Warren McKenzie

These Tiny Plastic Chips Can Deliver Therapeutic Genes Into Cells

The next generation of lab-on-a-chip devices could bring down the cost of gene therapy.

FIONA MACDONALD
12 JUN 2015
 

A graduate student is developing a cost-effective new method of delivering desirable genes into human cells using a tiny plastic chip. The technique could substantially reduce the cost and extend the reach of new cancer-killing immunotherapy treatments, which currently rely on viral vectors and cost around $5,000-$10,000 a pop.

 

The patent-pending device, which is being developed by engineering PhD student Ryan Pawell from the University of New South Wales (UNSW) in Australia, contains tiny features less than 1/10th the width of a strand of human hair, which can deliver biological materials to cells. This allows the cells to be reprogrammed, and essentially recreates a fully functioning laboratory on a piece of plastic the size of a postage stamp.

“My overall goal is to use technology to reduce the cost of healthcare and to make it accessible to everyone, not just those who can afford it,” Pawell told ScienceAlert.  

Lab-on-a-chip devices are already being used around the world to help provide on-the-spot diagnoses for diseases such as HIV and Ebola, but Pawell quickly realised that the potential for the technology was much broader.

“We worked out how to make these tiny devices out of plastic using a specific diagnostic design. But then we realised that we could essentially use any other design you wanted to give them different functions,” he said. “Now I’m trying to use the technology to deliver DNA to cells and reprogram them to have a therapeutic effect.”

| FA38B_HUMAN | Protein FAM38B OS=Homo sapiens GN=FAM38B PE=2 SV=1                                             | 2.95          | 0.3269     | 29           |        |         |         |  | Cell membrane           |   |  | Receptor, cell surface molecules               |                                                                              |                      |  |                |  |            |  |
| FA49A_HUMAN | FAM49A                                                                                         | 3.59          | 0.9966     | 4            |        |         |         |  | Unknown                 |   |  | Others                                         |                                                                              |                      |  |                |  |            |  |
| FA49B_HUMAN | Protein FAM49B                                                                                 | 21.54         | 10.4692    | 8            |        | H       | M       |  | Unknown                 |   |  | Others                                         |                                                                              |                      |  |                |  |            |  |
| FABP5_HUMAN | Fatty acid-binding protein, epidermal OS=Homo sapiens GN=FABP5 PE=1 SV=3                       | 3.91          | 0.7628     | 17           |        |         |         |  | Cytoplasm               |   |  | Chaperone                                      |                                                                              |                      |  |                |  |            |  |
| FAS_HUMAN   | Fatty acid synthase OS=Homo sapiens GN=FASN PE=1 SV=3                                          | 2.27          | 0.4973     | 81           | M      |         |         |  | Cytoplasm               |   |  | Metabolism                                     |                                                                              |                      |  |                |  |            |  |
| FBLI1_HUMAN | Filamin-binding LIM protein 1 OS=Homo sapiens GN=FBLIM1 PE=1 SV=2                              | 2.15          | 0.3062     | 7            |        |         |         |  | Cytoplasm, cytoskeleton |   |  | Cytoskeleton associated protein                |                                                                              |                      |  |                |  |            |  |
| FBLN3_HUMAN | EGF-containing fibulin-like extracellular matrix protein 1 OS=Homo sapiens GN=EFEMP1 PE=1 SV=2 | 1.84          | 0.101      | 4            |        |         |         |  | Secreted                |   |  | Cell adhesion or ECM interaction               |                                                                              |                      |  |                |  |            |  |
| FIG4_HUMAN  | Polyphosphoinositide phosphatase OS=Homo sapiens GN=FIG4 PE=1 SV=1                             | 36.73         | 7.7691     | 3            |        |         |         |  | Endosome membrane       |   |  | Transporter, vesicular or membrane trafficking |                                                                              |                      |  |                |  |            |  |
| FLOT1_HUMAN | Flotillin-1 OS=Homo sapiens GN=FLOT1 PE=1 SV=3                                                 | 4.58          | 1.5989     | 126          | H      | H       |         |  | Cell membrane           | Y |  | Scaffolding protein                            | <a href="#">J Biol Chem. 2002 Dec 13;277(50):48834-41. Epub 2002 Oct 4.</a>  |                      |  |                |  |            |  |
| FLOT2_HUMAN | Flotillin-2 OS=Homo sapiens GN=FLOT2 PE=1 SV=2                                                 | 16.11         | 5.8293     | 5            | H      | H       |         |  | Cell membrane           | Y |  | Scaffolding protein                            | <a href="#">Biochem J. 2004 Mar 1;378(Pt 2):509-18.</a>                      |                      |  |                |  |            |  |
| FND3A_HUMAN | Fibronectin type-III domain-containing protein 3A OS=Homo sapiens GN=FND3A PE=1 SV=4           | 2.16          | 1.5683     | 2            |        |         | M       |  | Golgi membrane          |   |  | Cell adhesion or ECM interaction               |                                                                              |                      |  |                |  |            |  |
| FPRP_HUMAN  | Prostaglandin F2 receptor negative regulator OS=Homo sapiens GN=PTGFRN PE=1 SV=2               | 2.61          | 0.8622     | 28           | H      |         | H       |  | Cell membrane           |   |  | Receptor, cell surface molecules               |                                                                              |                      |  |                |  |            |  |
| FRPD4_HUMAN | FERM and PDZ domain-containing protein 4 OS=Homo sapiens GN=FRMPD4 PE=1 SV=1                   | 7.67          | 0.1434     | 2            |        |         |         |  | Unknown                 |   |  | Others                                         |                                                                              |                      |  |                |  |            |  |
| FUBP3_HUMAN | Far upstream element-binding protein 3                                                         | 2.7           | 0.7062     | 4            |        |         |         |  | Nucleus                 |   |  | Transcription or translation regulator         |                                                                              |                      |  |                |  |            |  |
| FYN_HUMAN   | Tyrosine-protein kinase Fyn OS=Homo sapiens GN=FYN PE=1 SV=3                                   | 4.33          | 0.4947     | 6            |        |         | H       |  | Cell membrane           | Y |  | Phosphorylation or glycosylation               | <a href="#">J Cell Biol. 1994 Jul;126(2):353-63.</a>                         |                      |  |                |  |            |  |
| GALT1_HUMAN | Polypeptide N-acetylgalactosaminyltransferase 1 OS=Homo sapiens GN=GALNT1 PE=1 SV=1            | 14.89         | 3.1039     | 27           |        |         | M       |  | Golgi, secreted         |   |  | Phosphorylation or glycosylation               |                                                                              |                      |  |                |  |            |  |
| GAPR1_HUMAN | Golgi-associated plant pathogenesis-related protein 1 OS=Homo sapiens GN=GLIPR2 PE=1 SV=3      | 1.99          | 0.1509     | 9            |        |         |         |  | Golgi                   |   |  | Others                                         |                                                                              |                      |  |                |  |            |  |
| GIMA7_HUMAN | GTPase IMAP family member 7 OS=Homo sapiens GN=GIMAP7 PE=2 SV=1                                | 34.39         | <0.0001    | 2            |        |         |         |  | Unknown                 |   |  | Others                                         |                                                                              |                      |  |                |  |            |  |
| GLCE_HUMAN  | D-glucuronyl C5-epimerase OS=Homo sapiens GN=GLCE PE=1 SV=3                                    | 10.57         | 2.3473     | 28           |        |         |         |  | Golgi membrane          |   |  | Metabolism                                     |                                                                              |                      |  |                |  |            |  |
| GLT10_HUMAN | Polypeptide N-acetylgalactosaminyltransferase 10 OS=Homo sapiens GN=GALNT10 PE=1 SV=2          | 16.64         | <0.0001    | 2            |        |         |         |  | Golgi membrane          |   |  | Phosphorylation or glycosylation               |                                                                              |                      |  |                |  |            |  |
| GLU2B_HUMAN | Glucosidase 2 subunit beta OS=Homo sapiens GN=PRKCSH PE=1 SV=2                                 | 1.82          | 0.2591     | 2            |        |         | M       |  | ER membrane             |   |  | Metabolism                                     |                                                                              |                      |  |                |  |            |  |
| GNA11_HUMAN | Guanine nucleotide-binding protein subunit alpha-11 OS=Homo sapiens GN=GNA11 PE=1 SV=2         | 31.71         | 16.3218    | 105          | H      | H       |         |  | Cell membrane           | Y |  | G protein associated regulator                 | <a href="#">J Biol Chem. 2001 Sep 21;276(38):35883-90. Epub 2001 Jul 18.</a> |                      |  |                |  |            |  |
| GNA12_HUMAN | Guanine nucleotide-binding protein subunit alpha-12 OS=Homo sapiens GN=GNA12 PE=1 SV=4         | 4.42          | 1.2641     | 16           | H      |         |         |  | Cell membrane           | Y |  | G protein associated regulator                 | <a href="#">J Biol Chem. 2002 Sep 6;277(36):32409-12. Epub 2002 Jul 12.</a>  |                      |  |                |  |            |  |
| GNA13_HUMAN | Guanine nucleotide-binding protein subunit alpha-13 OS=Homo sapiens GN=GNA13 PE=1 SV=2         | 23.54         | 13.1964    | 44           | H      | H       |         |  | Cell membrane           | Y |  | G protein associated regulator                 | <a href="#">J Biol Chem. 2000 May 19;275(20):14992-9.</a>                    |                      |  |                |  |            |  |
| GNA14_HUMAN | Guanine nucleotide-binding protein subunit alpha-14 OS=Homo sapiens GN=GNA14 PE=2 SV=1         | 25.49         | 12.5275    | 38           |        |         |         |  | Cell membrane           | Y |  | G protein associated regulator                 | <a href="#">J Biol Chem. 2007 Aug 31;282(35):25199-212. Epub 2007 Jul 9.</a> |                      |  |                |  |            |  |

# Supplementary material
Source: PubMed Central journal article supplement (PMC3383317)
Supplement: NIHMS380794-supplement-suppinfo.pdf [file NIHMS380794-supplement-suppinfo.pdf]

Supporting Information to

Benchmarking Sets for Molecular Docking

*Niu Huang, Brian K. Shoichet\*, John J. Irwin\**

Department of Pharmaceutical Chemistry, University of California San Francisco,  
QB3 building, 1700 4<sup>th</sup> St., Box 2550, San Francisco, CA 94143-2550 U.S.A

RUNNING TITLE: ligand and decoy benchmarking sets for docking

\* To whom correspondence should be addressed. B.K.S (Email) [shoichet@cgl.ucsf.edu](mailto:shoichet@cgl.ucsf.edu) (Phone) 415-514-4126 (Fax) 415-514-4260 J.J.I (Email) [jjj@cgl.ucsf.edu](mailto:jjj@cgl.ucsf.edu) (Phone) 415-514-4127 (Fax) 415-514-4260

This process could substantially bring down the cost of gene therapy, which is crucial in new medical treatments such as immunotherapy.

Immunotherapy involves extracting a person’s own immune cells and turning on genes inside them to activate them against certain tumours or diseases, before then inserting these cells back into the patient.

Because the treatment uses a patient’s own cells, it has far fewer side effects than traditional therapies, and early trials show that they may also be far more effective - with studies so far proving immunotherapy is successful against aggressive forms of melanoma and glioblastoma.

But the problem is, in order to turn on genes against the desired disease, scientists need to deliver DNA into the patient’s cells, and right now our best way of doing this is to use viral vectors, which are expensive, time-consuming and often unreliable. Pawell estimates that immunotherapy treatments can cost around $5,000 to $10,000, but by tweaking his the lab-on-a-chip technology, he predicts he’ll be able to do the same thing for a substantially reduced cost. 

Importantly the technology could also help to treat significantly more people. Manufacturing these therapies by viral vectors requires industrial-sized manufacturing plants and costs tens of millions of dollars – but it only enables the treatment of thousands of patients per year. However, these microfluidic devices can be manufactured at scales of more than a million devices per year.

It’s still early days, and Pawell is currently validating that his chips can accurately and safely deliver DNA into human cells, but as the platform is already proven and tested in the field, once they’ve done this, it should be rapidly scalable.

Even better, they’ve also been able to show that the therapeutic cells their lab-on-a-chip creates are highly viable, which means they’re able to replicate and survive on their own after they’ve had the new DNA inserted.

“Regulators like to see viability rates of 80 percent or higher, we’ve achieved 97 percent in a cell model,” said Pawell, who was invited to present the work at the AUS-USA Technical Exchange Meeting is Washington DC earlier this year.

There’s still a long way to go before these cells are trialled in humans, but we’re pretty excited to see what happens next. 

And in the meantime, find out more about the technique behind Pawell’s lab-on-a-chip device in this UNSW video from last year: 

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